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Federal Trade Commission Seeks To Ban Non-Compete Agreements

The Federal Trade Commission (“FTC”) has issued a final rule which bans most agreements that restrict an employee’s ability to compete with its employer.  Unless a court intervenes, the rule will become effective September 4, 2024. The new rule is extremely broad. It applies to any agreement or term or condition of employment that penalizes, seeks to or has the effect of preventing an employee from seeking or accepting employment in the United States with a different person or operating a competing business after the termination of the current employment.  This includes contracts and workplace policies, both written and oral. There is an exception for Senior Executives that earn more than $151,164 excluding discretionary bonuses and certain other fringe benefits such as medical insurance, room, board, and contributions to retirement plans.  To come under the exception the “Senior Executive” must have broad, companywide policy making authority.  An officer of a subsidiary or affiliate of a business entity that is part of a common enterprise will not qualify unless his or her authority extends to the entire common enterprise.  

The new rule does not apply to a non-compete agreement entered into by the seller as part of the bona fide sale of a business or an action based upon a breach of a covenant not to compete that occurred prior to September 4, 2024.  The FTC claims that rather than use non-compete agreements, employers are free to use trade secret and non-disclosure agreements.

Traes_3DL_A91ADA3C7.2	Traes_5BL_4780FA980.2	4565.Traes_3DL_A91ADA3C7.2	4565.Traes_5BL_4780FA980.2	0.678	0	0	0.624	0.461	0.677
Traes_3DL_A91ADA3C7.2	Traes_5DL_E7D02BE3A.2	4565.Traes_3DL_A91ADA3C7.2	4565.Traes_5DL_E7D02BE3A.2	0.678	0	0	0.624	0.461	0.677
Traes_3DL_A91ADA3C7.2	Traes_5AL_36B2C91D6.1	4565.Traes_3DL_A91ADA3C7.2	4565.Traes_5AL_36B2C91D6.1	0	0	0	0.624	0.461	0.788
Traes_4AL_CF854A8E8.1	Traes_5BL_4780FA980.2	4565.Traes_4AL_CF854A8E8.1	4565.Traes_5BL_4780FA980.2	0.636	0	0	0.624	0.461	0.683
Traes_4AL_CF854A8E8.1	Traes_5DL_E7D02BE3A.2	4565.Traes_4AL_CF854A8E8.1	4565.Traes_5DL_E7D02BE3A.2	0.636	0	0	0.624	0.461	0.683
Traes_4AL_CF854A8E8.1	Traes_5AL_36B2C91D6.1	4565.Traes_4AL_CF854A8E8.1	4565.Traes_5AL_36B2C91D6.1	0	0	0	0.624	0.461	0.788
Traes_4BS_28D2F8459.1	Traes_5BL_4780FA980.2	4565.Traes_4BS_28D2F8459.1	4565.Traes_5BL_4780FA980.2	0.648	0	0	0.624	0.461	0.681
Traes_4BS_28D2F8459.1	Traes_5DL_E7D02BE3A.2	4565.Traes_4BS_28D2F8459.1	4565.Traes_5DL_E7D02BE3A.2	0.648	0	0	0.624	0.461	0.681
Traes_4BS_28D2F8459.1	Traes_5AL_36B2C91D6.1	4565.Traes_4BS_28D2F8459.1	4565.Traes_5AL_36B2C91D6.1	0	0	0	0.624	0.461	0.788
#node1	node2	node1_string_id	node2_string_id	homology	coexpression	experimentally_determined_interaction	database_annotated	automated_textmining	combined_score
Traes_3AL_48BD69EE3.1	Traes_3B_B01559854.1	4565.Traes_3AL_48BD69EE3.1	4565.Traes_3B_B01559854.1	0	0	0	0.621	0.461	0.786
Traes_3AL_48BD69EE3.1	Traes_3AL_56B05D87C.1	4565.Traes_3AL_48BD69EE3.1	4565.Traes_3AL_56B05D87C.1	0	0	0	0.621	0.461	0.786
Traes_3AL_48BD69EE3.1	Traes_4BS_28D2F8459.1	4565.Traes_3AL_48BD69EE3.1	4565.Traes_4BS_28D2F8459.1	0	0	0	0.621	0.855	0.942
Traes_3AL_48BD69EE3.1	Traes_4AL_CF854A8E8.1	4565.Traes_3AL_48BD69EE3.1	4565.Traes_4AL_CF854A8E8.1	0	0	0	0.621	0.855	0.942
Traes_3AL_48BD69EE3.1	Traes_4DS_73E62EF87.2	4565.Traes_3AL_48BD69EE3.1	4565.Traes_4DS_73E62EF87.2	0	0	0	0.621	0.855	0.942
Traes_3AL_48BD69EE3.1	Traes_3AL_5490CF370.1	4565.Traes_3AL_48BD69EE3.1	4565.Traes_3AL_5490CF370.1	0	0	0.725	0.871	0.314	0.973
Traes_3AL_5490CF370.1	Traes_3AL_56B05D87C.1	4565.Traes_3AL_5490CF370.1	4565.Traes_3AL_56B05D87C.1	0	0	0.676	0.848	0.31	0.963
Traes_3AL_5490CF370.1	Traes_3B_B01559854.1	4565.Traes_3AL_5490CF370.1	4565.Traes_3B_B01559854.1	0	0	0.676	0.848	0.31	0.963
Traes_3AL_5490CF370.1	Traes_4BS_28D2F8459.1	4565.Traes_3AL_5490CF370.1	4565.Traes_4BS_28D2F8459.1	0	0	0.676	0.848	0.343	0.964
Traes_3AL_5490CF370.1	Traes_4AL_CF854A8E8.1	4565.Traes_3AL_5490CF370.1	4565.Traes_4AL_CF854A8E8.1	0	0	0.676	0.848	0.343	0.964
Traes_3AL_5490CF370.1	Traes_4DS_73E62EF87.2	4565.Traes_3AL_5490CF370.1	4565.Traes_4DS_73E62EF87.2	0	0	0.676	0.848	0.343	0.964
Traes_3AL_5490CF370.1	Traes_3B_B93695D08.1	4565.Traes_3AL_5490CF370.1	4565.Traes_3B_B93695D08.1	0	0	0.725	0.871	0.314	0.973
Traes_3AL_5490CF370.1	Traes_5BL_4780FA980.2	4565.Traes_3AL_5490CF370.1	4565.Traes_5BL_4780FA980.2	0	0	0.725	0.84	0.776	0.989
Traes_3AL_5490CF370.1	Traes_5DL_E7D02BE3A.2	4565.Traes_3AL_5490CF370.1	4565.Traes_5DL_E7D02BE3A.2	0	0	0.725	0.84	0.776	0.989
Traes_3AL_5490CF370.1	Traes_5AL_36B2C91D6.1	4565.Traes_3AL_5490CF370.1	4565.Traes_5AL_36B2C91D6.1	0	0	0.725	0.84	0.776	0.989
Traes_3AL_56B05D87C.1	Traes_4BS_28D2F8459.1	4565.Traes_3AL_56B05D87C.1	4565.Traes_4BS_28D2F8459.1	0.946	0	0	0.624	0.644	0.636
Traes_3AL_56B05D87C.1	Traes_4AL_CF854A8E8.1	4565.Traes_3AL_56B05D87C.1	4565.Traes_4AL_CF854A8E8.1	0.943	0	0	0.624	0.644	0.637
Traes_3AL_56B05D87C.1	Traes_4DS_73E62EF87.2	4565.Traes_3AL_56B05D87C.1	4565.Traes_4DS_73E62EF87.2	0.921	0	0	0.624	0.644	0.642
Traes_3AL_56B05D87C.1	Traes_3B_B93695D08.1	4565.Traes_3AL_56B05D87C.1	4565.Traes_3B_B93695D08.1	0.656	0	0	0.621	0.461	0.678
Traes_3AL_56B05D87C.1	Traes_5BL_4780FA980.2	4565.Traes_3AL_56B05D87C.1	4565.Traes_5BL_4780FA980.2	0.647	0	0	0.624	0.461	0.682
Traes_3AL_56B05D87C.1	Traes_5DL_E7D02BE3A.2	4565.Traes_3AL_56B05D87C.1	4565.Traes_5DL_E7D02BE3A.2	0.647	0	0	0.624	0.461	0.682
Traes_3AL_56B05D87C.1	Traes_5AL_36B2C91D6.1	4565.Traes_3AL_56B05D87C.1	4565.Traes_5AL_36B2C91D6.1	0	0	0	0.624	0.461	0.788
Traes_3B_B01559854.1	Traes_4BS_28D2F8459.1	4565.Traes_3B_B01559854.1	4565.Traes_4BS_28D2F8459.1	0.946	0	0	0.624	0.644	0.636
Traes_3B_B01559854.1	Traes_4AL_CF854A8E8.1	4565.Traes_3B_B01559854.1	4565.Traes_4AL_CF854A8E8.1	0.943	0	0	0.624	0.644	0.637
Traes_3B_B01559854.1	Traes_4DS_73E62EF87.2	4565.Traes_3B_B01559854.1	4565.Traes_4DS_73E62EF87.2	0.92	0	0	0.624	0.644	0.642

The new rule requires that by September 4, 2024 the employer notify each worker with whom it has entered into an agreement with a non-compete clause that the non-compete clause with the worker will not and cannot be enforced.  This notice must be in writing and may be delivered by hand, mail, email or by text to a mobile telephone number belonging to the worker.  The rule further provides that the delivery of the required notice creates a safe harbor protecting the employer from a claimed violation.  The FTC has provided sample language for the notice and There is also an exception for an employer that in good faith believes it has the right to enforce a non-compete clause. The rule claims to supersede inconsistent state laws, but specifically preserves any state law that is consistent with the rule.

The FTC is being challenged in court by the U.S. Chamber of Commerce, which is seeking to invalidate the rule. Some of the major arguments include a claim that the FTC lacks the statutory authority to promulgate such a broad rule.  This argument is based upon the idea that the FTC’s authority is limited to challenging specific conduct on a case-by-case basis.  There is also a claim that the FTC violated the major questions doctrine, which requires that agencies cannot pass regulations with vast economic and political significance without clear congressional authorization. In this case, the argument is the FTC by its rule is preempting the laws of approximately 46 states without any specific authority from congress. 

We will have to wait to see if the Courts allow the rule to be enforced. In the meantime, companies that rely upon covenants not to compete with their workers should consider entering into trade secrets and non-disclosure agreements.  

 Keven Danow is an attorney representing members of all three tiers of the Beverage Alcohol Industry and member of The Danow Group, 275 Madison Ave, NY, NY. 10022.  (212 3703744). Website: thedanowgroup.com; email:kd@thedanowgroup.com 

This article is not intended to give specific legal advice.  Before taking any action, the reader should consult with an attorney familiar with the relevant facts and circumstances.

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Keven Danow

Keven Danow

Founding and Senior Partner
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